Coming Together

Dear Members, Nursery School Families, and Friends, Yesterday evening we had a healing service attended by about 100 people. The number of people in attendance was double the number I expected. I express my thanks to Rabbi Miller, Lisa Iskin, and Diana Klein from the JFCS who contributed in making the evening meaningful for everyone in attendance. We concluded with Havdalah, everyone holding hands and surrounding Rabbi Miller and with the lights dimmed. I spoke briefly and multiple people requested copies of my prepared remarks. I decided to share my remarks (below) with everyone since I know that many people were unable to attend because they are staying with family or friends around the Bay Area.

Dan Pine, the J.’s news editor was in attendance. His article including interviews with various members may be found at: Gathering of prayer and healing at Santa Rosa shul.

Shavua tov,

Henry S. Cohn
President
presidentbethami@gmail.com

It has been a trying week for all of us in Sonoma County. Of course, not only Sonoma County has been affected by the horrific fires, but Napa, Mendocino, Solano counties, among others have been impacted. But, no community has suffered the number of deaths and the physical destruction of homes and commercial buildings as much as Santa Rosa. At this Healing Service tonight our focus is the Santa Rosa Jewish Community, although the entire Sonoma County Jewish Community has been affected. The calamity has not been limited to one synagogue. Here at Beth Ami, seven families lost their homes and at least one Nursery School family. At least 25 families from Shomrei Torah lost their homes and at Ner Shalom the mother of one of their members perished in her home.

Never in my life have I been so close to a catastrophe where I personally know so many of the families who lost their homes and where I know virtually everyone who needed to evacuate. In the past week I have communicated with so many congregants either by phone, through text messages, or e-mail. Unbeknownst to the people I with whom I have been contact is that I often had tears in my eyes.

I live in Petaluma and so far we have been spared of any fires, although I am now prepared to evacuate should the situation change. I am neither thankful nor grateful that my home has been spared. I am fortunate, but I can’t feel thankful or grateful when so many others that I know personally have experienced misery. I am thankful that more lives have not been lost and for the courageous firefighters, first responders, EMTs and volunteers staffing the evacuation centers.

I have been contemplating whether tonight was too soon to have a Healing Service while the fires are only minimally contained. I know that many families are scattered around the Bay Area staying with friends and family and would be unable to attend. I decided that if only one person showed up, then holding this service would be worth the effort. The healing process needs to start with someone.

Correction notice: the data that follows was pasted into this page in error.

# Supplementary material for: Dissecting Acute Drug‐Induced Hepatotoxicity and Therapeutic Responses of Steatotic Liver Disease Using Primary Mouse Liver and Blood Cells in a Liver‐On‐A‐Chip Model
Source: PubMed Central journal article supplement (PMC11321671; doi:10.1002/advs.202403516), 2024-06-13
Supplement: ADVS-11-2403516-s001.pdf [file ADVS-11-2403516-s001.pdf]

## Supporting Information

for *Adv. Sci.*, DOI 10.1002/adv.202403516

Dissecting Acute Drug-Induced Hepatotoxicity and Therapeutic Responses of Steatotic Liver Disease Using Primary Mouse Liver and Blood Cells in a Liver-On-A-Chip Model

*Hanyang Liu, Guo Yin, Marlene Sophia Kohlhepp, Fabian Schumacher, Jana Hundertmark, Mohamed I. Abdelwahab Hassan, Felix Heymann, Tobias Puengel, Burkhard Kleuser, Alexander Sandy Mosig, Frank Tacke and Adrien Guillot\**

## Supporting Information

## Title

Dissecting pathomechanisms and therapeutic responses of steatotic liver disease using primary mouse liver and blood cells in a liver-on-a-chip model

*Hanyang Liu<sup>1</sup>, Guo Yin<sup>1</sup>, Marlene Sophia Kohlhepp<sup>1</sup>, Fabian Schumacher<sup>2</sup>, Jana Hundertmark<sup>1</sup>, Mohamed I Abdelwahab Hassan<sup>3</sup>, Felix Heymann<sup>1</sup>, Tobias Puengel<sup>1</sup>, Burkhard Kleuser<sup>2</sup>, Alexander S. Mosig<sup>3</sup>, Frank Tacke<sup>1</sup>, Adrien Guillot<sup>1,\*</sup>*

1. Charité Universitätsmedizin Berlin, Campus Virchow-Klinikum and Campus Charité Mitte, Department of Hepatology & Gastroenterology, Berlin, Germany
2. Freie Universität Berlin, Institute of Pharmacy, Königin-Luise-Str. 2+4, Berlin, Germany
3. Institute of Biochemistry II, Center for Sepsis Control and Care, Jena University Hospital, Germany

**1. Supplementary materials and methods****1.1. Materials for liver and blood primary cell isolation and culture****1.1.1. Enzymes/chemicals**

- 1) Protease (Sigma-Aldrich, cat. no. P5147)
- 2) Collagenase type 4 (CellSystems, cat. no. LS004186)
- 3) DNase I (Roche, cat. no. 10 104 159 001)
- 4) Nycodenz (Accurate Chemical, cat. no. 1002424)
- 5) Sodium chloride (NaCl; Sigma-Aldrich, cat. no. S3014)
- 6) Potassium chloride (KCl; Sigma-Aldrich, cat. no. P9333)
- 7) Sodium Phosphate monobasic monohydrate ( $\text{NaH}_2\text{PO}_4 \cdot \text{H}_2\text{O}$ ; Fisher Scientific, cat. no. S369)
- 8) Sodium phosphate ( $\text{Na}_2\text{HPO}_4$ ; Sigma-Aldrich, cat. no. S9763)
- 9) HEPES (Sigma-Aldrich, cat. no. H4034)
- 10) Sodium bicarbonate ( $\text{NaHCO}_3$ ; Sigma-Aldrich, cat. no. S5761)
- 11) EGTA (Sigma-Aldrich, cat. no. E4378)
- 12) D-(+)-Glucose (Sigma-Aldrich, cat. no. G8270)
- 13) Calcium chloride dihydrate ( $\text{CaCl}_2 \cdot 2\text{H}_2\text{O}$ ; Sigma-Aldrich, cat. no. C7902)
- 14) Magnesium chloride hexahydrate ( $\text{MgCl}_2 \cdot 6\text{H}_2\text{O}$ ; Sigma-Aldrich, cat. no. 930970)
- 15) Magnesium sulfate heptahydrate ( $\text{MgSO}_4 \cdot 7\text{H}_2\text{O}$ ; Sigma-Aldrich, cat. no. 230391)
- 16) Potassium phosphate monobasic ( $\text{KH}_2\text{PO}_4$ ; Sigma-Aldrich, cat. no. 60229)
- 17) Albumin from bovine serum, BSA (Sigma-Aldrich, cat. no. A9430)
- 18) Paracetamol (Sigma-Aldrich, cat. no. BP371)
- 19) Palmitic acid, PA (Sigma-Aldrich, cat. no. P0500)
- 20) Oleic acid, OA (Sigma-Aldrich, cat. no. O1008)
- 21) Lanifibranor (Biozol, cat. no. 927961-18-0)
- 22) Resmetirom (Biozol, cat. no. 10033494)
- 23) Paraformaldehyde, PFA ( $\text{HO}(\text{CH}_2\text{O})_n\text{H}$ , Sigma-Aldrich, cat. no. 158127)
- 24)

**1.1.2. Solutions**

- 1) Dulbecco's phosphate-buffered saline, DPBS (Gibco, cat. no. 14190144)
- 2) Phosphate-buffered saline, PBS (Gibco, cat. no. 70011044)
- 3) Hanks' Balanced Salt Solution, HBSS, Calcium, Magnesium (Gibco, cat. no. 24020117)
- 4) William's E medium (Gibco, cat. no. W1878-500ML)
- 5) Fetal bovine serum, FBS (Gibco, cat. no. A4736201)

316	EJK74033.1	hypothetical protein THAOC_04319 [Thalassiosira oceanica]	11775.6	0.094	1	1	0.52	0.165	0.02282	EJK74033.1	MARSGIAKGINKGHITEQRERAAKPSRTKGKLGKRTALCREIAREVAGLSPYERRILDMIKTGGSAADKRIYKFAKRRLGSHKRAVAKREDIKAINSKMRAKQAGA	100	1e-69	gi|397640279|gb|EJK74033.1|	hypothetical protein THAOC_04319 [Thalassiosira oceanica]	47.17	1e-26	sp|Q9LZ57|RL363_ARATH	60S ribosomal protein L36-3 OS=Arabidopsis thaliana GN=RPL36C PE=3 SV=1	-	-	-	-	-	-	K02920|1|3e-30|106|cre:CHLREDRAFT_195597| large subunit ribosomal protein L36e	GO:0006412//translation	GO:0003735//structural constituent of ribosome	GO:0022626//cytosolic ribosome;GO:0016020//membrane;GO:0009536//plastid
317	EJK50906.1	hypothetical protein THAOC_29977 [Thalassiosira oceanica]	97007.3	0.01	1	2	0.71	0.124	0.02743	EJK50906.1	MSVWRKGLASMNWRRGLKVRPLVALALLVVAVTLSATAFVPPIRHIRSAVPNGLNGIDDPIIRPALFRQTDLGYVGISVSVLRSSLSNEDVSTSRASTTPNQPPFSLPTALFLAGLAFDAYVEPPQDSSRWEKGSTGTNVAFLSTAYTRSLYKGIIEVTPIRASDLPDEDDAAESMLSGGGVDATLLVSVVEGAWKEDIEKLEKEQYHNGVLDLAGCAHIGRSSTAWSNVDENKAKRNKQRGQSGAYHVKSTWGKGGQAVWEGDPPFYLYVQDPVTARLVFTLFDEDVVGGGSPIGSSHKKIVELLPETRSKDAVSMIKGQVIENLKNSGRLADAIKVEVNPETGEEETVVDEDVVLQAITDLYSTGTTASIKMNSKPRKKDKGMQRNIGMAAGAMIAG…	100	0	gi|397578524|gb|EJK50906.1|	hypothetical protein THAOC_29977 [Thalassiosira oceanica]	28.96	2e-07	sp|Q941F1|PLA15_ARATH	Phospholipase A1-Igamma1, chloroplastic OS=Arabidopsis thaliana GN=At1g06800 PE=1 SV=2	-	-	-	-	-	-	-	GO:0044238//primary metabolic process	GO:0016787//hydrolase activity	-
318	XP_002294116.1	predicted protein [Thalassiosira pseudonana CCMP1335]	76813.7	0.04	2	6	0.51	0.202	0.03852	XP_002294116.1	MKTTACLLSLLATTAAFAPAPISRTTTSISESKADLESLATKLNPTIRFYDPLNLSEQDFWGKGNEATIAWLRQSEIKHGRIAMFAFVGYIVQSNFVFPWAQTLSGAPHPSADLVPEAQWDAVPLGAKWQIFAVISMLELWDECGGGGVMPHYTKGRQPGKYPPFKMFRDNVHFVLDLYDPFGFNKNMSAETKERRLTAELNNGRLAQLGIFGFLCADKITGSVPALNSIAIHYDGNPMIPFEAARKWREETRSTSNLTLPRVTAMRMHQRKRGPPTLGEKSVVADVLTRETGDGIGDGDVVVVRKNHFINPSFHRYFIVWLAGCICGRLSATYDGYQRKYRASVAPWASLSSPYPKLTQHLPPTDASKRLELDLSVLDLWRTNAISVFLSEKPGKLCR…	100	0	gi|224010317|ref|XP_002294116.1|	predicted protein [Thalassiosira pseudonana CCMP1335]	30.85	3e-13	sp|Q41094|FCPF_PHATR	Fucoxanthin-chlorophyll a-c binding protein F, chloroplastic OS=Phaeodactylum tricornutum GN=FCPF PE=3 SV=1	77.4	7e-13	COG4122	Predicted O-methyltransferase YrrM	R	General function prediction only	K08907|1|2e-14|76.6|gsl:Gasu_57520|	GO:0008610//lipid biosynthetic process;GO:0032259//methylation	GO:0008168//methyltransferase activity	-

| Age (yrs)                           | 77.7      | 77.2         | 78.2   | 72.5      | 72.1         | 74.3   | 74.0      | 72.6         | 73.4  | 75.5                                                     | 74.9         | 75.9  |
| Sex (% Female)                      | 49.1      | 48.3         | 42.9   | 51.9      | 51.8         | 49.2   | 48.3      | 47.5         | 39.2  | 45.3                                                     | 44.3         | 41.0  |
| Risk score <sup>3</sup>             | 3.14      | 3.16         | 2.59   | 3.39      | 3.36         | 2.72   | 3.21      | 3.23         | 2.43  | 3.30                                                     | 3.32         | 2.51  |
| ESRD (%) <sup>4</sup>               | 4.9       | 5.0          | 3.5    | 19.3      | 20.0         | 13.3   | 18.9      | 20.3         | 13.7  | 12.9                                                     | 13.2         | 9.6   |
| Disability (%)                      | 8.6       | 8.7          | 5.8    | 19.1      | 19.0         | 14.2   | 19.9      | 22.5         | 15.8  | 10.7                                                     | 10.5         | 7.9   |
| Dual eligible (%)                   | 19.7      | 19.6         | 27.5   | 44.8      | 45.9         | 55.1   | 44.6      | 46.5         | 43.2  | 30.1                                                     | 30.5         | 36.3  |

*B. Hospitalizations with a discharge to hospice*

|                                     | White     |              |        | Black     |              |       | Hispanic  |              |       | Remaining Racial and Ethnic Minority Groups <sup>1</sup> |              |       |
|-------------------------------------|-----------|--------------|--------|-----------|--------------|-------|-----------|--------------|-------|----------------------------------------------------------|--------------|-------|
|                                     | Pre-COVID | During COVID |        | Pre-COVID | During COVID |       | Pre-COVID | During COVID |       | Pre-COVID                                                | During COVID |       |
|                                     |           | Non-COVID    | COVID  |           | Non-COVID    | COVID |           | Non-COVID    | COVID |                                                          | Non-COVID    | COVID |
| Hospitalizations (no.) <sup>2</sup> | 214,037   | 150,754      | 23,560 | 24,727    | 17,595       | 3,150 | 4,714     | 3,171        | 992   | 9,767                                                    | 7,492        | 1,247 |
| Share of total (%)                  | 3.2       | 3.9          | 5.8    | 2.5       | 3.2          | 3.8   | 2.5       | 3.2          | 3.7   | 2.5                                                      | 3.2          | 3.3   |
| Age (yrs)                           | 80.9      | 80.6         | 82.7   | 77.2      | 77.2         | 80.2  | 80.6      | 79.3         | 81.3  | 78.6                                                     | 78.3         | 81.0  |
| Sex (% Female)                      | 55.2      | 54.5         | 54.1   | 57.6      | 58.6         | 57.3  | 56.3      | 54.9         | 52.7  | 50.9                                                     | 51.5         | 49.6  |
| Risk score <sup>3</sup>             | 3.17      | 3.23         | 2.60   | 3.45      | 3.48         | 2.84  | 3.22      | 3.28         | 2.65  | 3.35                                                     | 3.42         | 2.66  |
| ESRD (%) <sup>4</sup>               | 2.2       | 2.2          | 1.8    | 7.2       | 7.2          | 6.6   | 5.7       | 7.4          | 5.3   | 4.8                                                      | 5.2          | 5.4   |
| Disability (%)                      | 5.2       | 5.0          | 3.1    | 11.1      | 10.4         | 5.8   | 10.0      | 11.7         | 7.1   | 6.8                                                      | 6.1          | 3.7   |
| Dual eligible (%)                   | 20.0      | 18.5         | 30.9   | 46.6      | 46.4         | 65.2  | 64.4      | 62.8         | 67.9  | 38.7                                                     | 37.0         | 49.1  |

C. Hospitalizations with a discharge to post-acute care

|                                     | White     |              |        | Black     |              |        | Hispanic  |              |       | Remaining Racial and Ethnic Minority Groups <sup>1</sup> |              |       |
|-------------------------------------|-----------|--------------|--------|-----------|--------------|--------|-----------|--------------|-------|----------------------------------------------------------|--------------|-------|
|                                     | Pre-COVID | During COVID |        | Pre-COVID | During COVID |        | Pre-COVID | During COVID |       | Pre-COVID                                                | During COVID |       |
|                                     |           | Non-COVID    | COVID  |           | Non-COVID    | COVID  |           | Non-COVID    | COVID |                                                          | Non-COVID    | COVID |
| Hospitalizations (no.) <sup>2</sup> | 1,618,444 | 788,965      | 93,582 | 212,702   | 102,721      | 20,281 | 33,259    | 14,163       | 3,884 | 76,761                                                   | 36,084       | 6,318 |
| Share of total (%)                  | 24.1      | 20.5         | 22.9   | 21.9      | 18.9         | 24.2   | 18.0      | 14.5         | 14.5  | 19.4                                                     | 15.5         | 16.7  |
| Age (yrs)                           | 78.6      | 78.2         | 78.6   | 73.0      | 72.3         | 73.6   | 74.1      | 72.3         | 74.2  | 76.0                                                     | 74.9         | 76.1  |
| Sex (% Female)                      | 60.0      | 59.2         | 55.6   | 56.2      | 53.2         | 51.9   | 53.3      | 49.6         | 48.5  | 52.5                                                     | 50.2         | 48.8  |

On erev Rosh Hashanah I shared the Midrash that tells us that when the Jewish people came to the shore of the Red Sea, they panicked. Moses began to pray, and as G’d instructed him, he held up his rod over the sea. But the Midrash tells us that the sea did not yet part. In the face of the charging Egyptian army, the Midrash tells us that Nachshon Ben Aminadav, one of the tribal leaders, proceeded into the sea. At that moment, the sea parted and the Children of Israel were able to cross on to dry land. Ad-nai’s intervention only came when G’d saw that at least one person was willing to act.

No one will walk away from here tonight completely “healed.” Healing is a journey that starts with a first step. We live in a world where we are frequently told to keep our suffering hidden-both physical and mental, but especially mental suffering. When we create space in our holiest times and places for our own grief and the suffering of our loved ones, we make individual healing possible.

The Torah itself refuses to shy away from stories of loss and human fragility. In the book of Devarim (Deuteronomy) the first chapter begins with the verse: “v’eileh ha’devarim asher diber Moshe el kol Yisrael: these are the words that Moses spoke to the entire people of Israel.” Moses begins telling the Children of Israel the narrative of their wanderings, the stories of heart-break in leaving Egypt, the deaths of his siblings, the illnesses that struck his people and his own moments of vulnerability. Moses offers these words on the lip of the Promised Land that he will never enter.

In Hebrew the word devarim, means both words and things. Our words, our stories, are tangible in Judaism. Moses offers his words as a legacy–a concrete way to accompany the people in his absence and to comfort each of us as we continue on our own journeys. Our journeys never follow a straight path, but are come with twists and turns and sometimes heading backwards.

As we start a new week, may we turn our eyes towards our loved ones, members of our community and the parts of ourselves that are struggling with the brokenness of grief and loss. And may we offer each other devarim, words that tell the stories of our pain and sanctify our losses, so that our love might bring one another r’fuah sh’layma–a complete healing and the true wholeness of broken hearts.

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